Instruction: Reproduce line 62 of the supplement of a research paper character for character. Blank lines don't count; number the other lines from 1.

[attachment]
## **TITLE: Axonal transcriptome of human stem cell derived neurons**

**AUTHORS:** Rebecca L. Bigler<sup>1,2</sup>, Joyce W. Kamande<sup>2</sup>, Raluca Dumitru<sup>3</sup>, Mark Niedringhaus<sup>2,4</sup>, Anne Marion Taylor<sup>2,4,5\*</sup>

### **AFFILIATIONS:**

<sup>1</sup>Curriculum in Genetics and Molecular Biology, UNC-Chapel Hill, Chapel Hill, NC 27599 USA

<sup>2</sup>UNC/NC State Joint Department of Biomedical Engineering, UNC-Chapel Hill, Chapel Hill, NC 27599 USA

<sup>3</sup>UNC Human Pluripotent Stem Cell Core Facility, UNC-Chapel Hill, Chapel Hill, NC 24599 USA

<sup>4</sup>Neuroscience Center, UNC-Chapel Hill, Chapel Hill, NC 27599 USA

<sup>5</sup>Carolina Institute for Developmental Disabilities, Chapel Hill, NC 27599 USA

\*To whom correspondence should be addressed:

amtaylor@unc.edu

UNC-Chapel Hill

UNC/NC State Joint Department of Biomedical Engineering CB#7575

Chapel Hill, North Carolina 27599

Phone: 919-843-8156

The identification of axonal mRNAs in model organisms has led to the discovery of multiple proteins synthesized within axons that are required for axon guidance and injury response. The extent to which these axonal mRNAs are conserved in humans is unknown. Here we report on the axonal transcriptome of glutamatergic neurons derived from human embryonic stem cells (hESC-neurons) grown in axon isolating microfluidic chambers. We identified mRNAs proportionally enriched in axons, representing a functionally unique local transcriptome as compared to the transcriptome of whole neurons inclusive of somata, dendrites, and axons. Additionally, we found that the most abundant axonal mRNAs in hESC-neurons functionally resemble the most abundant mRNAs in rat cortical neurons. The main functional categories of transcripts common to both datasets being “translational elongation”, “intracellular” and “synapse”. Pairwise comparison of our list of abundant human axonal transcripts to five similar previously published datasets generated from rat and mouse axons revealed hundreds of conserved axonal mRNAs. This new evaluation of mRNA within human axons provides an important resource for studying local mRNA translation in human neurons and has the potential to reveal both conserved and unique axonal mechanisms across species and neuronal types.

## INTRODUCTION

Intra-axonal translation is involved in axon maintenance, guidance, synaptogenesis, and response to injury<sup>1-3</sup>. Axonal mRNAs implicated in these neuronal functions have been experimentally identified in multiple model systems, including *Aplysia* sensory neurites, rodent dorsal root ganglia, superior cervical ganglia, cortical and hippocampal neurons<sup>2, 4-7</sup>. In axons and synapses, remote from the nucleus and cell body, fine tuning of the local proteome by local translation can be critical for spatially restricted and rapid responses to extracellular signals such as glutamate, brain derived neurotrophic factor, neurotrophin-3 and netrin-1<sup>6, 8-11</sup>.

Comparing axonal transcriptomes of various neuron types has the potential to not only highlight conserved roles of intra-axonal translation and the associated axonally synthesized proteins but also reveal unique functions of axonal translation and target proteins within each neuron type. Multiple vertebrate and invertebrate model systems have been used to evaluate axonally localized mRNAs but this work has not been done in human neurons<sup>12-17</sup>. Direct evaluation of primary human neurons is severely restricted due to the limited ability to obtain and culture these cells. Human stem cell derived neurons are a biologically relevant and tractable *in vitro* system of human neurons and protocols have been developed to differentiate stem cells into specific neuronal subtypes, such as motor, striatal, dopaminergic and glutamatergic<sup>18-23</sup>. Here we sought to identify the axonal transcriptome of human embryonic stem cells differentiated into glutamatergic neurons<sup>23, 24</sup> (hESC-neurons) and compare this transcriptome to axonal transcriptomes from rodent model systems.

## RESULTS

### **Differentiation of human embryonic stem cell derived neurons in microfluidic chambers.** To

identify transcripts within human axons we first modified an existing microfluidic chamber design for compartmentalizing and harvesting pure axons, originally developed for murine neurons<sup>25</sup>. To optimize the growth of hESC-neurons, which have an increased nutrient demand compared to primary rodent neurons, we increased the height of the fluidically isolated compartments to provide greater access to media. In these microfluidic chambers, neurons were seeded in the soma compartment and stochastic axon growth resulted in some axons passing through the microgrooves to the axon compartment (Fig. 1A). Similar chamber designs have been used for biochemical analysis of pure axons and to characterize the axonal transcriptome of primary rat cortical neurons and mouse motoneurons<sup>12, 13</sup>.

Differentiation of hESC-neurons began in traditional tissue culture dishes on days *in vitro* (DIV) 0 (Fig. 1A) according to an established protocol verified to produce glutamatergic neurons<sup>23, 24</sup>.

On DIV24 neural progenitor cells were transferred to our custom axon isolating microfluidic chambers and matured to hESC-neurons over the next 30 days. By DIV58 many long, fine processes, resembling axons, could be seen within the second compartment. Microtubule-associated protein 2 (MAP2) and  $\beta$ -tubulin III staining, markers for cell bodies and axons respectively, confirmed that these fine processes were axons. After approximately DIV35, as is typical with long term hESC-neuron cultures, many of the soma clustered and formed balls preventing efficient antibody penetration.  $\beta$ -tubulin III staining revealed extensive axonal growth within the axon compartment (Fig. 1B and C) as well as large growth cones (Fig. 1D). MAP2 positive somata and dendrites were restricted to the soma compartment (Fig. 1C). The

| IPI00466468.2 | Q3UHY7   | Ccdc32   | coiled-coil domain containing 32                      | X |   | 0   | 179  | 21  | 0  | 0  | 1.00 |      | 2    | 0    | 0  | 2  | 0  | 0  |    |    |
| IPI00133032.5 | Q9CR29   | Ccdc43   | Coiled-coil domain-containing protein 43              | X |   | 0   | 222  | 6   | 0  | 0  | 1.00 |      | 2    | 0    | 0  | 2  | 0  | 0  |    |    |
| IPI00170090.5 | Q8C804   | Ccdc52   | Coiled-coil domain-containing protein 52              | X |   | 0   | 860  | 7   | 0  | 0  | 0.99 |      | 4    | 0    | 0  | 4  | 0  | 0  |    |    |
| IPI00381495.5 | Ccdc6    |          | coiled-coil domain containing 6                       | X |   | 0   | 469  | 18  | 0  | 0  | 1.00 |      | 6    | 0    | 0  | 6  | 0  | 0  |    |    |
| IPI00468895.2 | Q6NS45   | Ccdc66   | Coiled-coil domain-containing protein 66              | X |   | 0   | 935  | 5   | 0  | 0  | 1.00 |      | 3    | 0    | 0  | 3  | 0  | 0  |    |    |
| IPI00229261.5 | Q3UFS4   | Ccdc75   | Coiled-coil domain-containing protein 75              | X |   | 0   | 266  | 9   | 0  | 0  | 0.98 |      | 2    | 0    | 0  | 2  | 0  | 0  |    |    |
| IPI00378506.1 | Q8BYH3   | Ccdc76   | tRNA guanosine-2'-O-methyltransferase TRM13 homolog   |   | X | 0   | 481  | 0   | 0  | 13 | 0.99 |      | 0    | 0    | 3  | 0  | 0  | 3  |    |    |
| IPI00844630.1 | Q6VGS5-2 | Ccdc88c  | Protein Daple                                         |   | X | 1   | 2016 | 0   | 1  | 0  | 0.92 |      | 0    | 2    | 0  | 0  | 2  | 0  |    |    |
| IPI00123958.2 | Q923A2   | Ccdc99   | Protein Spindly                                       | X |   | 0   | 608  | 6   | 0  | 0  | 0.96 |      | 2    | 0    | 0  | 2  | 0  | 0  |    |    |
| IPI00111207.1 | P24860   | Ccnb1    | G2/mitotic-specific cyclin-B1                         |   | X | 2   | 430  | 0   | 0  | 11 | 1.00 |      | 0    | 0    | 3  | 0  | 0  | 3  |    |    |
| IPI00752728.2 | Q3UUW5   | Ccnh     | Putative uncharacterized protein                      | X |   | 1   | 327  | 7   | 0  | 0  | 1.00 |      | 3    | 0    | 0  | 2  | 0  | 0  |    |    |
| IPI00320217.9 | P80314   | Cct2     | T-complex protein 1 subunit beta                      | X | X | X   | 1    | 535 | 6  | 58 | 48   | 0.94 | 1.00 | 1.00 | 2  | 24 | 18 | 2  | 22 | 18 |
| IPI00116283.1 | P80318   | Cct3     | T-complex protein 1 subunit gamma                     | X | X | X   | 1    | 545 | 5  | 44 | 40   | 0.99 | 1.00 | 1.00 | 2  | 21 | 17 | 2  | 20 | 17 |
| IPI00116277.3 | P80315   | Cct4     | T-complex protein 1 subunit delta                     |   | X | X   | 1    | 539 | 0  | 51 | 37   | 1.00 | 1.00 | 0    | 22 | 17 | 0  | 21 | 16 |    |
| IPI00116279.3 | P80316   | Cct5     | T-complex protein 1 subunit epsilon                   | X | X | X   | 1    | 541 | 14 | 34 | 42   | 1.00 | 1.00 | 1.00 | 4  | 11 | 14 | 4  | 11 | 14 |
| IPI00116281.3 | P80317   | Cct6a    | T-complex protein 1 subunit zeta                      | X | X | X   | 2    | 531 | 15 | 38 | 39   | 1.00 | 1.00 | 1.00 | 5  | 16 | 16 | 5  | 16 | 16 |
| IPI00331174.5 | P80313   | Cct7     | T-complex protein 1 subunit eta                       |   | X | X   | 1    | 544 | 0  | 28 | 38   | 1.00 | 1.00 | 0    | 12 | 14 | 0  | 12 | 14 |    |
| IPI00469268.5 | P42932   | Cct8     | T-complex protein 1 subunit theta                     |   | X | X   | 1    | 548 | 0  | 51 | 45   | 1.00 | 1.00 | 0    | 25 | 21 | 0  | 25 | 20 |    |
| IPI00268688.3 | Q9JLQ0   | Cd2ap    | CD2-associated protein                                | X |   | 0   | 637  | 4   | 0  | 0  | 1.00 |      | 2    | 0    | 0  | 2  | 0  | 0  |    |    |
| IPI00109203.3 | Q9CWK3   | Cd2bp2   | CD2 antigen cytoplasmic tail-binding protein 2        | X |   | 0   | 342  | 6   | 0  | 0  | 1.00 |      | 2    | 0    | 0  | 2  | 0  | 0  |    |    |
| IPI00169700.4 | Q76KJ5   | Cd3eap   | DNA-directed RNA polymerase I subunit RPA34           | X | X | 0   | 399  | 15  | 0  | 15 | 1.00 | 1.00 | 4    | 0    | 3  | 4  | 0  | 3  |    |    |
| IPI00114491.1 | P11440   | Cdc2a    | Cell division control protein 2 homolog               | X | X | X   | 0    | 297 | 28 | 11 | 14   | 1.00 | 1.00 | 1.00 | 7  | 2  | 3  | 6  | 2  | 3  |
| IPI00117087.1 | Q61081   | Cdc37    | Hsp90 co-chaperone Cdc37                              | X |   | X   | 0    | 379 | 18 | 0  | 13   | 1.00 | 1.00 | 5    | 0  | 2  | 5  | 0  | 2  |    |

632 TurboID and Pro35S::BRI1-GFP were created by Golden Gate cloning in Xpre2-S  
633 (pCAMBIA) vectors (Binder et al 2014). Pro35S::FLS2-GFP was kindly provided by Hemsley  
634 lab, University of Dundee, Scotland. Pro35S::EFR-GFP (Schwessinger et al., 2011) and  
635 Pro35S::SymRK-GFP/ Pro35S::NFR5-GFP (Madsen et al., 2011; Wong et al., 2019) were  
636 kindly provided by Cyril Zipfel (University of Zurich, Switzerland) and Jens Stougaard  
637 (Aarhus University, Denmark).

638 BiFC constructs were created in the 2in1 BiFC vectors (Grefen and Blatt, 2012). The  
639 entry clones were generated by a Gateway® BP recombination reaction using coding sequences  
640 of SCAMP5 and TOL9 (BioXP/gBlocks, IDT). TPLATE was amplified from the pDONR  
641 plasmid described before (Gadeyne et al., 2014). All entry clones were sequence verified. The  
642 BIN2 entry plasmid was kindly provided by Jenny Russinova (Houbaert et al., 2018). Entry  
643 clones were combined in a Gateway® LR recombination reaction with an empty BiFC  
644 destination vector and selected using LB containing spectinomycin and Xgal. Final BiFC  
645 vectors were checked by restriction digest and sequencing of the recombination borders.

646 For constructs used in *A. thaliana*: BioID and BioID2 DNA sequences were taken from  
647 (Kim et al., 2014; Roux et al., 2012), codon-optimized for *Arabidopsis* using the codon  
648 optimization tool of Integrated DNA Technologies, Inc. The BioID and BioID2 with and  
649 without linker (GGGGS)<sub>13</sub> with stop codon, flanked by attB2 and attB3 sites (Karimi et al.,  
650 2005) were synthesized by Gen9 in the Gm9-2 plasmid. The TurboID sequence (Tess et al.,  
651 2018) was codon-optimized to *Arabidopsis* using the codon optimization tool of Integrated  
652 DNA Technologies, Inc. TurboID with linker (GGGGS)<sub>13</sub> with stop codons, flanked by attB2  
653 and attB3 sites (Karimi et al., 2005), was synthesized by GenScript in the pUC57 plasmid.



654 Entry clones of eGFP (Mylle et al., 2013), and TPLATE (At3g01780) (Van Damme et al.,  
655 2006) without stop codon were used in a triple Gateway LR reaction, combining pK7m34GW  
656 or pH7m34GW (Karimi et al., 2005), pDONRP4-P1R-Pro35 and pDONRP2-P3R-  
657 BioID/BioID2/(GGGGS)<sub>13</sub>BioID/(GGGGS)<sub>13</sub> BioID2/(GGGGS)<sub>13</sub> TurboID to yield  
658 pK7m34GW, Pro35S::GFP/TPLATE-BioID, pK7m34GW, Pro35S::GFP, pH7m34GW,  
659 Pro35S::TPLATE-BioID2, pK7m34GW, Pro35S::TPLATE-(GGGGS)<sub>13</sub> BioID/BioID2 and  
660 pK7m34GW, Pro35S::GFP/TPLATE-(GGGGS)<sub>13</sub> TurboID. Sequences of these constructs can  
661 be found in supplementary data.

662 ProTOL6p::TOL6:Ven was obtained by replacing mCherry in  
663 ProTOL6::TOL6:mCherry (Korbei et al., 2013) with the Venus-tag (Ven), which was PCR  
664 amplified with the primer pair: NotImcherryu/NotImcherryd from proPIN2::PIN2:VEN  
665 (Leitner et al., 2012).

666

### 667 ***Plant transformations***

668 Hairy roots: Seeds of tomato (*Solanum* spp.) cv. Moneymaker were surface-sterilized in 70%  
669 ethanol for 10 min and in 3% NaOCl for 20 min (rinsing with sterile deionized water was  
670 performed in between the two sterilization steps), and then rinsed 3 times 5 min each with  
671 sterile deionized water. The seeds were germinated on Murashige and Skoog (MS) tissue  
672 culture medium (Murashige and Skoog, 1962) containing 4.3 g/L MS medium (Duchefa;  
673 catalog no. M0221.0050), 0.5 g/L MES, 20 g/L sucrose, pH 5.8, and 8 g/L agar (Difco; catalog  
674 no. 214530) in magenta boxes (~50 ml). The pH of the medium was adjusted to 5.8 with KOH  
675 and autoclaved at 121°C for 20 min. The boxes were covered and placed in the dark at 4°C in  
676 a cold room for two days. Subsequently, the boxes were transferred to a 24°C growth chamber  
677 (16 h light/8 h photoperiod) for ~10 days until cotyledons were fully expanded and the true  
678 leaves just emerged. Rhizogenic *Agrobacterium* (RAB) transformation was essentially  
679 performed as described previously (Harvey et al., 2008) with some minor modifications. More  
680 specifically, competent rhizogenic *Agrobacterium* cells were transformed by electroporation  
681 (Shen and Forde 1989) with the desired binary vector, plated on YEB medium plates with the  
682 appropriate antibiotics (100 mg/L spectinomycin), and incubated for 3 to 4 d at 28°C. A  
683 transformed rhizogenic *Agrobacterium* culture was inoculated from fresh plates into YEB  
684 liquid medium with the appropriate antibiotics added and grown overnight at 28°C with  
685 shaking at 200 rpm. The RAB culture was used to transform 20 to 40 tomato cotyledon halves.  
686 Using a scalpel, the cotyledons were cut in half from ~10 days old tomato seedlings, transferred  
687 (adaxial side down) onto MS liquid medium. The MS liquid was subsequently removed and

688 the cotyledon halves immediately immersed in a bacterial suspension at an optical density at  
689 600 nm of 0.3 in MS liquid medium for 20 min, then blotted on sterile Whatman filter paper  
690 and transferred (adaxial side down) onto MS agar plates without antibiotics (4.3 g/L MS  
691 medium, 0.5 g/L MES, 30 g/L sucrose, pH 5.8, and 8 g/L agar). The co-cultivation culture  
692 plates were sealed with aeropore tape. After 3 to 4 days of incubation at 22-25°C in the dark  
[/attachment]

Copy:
647 (Kim et al., 2014; Roux et al., 2012), codon-optimized for *Arabidopsis* using the codon  